CREC Internship Profile: Greg HirschfeldJanuary 12, 2016
Each year, the Center for Regional Economic Competitiveness (CREC) hires a number of interns who help the organization during the busy summer period. Each is offered an opportunity to learn how the organization helps municipalities, states, and regions respond to changes in local job markets; and CREC specifically works with undergraduate and graduate students who need academic credit. Most internships attract students who major in economics, public policy / administration, urban planning, and governmental affairs. As part of a series on student learning, CREC looks back on conversations with interns who discussed their passion for helping regional competitiveness.
Intern name: Greg Hirschfeld
Graduate Program: Masters of Arts in Political Science
School: American University’s School of Public Affairs
1. What brought you to CREC?
I found out that CREC was hiring interns when the career counselor at American University’s School of Public Affairs brought it to my attention. It fit perfectly with my desire to focus on research, policy, and data.
2. What professional passions have you been able to further grow while interning at CREC?
Before joining CREC, I considered myself an amateur data nerd. Now I am a professional. Working at CREC deepened my appreciation for research and data. Action is most effective when it can be backed up with independent data, and CREC provides communities, economists, researchers, academics, and workforce development professionals with the support they need to most effectively use data to their advantage.
3. As you’ve worked on the State Business Incentives Database, you’ve had the chance to interact with economists/stakeholders from around the country. Tell us about that experience.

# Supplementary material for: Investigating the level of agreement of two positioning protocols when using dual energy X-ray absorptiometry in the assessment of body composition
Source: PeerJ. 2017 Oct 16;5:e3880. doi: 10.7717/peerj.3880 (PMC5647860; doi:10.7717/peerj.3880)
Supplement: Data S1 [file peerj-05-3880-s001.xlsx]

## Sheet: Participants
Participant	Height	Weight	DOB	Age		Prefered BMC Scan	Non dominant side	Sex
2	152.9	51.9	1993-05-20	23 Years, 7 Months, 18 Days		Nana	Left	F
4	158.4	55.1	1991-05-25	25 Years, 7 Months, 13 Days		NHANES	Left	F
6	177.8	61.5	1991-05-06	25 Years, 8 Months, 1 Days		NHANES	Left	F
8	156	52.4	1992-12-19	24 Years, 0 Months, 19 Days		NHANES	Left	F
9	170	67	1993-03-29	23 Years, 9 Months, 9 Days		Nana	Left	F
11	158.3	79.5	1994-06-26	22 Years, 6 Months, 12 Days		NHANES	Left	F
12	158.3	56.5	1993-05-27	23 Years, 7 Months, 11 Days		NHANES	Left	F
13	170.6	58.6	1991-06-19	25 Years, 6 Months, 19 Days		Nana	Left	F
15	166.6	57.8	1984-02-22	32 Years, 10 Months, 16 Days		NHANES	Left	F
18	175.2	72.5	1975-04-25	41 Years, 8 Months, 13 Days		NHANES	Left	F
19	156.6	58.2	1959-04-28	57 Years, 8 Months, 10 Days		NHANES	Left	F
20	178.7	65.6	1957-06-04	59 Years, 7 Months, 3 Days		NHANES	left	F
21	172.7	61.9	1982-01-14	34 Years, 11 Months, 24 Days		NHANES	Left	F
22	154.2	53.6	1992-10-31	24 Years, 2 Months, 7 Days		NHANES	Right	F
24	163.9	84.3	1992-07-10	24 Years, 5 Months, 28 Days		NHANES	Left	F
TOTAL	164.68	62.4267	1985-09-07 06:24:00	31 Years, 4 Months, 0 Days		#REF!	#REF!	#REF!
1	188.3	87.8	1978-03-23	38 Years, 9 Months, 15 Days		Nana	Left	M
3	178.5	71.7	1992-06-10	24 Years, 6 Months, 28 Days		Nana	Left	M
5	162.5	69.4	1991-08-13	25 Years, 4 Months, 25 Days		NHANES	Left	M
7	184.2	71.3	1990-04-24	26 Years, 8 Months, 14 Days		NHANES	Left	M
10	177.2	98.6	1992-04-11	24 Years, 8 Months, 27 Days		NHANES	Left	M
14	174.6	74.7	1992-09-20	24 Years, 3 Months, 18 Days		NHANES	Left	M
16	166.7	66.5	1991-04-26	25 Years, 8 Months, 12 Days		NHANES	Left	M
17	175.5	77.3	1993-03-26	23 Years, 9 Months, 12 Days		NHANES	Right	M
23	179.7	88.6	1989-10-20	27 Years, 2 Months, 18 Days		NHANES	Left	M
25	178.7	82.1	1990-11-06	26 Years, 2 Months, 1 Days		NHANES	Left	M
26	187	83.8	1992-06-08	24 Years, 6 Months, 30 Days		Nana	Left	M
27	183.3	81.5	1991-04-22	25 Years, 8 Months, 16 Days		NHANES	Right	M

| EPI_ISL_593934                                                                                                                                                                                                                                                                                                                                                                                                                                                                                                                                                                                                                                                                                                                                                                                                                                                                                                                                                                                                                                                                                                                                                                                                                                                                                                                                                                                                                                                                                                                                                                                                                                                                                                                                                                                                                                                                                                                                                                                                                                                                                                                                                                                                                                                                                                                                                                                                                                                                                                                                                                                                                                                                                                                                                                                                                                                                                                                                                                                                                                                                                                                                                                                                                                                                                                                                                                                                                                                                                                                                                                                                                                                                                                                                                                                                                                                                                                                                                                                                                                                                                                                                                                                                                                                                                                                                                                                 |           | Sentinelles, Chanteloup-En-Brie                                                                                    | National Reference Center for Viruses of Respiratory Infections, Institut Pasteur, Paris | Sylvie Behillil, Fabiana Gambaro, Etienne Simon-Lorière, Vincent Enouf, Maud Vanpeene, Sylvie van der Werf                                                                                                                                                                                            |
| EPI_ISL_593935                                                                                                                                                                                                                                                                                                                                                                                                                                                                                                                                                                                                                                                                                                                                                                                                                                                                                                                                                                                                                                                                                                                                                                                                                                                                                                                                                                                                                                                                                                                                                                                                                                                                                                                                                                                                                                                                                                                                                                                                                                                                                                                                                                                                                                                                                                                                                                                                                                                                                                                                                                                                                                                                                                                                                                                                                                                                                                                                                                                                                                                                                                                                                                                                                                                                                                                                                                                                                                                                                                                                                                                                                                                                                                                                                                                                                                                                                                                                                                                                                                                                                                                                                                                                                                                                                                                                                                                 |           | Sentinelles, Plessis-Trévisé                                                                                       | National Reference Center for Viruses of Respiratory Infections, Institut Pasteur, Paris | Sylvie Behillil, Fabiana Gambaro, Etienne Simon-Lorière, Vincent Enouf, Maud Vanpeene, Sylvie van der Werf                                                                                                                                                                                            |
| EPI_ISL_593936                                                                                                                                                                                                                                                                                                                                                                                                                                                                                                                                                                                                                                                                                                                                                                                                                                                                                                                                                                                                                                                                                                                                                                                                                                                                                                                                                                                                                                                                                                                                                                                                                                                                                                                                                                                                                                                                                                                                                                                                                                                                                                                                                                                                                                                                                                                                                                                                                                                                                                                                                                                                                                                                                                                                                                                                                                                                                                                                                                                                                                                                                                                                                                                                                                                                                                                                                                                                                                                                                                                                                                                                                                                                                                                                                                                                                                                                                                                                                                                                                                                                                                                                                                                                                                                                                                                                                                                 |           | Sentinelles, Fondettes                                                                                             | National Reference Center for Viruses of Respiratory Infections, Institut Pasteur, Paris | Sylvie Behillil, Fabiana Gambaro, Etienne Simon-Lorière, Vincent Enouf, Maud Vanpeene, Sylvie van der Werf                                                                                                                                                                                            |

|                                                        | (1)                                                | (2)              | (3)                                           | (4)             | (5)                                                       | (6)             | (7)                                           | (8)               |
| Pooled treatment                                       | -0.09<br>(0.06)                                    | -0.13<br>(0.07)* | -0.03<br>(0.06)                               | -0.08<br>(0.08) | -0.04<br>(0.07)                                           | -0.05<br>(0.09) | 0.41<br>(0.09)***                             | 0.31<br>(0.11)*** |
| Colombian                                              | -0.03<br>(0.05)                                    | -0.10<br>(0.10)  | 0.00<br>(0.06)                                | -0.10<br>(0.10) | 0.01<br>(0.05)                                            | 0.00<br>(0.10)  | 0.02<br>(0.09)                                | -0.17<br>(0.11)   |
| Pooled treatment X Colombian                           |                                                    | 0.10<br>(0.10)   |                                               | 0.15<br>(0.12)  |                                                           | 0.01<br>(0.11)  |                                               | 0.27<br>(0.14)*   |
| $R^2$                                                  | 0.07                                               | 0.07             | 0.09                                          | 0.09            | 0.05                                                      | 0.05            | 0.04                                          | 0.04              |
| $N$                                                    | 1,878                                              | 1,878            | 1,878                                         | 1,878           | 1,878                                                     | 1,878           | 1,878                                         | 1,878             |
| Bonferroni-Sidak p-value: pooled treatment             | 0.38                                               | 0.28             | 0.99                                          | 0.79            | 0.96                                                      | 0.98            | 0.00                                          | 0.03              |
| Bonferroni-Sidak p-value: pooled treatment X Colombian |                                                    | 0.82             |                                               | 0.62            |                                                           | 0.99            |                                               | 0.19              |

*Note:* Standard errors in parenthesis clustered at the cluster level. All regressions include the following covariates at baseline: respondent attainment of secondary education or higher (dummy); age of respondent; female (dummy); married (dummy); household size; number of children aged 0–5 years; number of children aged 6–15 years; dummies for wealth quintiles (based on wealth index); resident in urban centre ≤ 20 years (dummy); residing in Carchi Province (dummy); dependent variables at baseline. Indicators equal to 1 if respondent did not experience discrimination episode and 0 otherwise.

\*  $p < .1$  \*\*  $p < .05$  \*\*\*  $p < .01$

One thing you quickly learn at CREC is the importance of your projects. Helping with the State Business Incentives Database gave me direct responsibility for reaching out to agency and research directors around the U.S. to build and qualify information on the more than 1,900 state business incentives in operation around the country. My work here has emphasized how essential this project is for economic researchers each day.
Overall, the Incentives Database has given me greater perspective on how states interact with one another as well as how economic and workforce development trends have changed throughout time.
4. What have you learned as you’ve worked with the Cost of Living Index?
The first months of my internship were almost exclusively dedicated to the Cost of Living Index, which is a major source of key national consumer city-to-city comparison costs. While it was daunting at first to work on a project with so much institutional respect and longevity, I realized I had a diverse set of new skills such as database management, index development, and large data-set analysis.
5. Tell us about any research opportunities you’ve been able to work on or how your role has changed now that you have transitioned into a full-time employee.
One of the advantages to CREC’s size is that each staff member has an opportunity to have an impactful presence on a number of projects. In the past year, I have continued to manage databases and moved on to write and edit reports for publications, and I have created and conducted membership surveys that inform product-development plans and further engage our association members. Perhaps the biggest change is that I am now the State Business Incentives database manager, which gives me the opportunity to dig even deeper into the business-incentives process.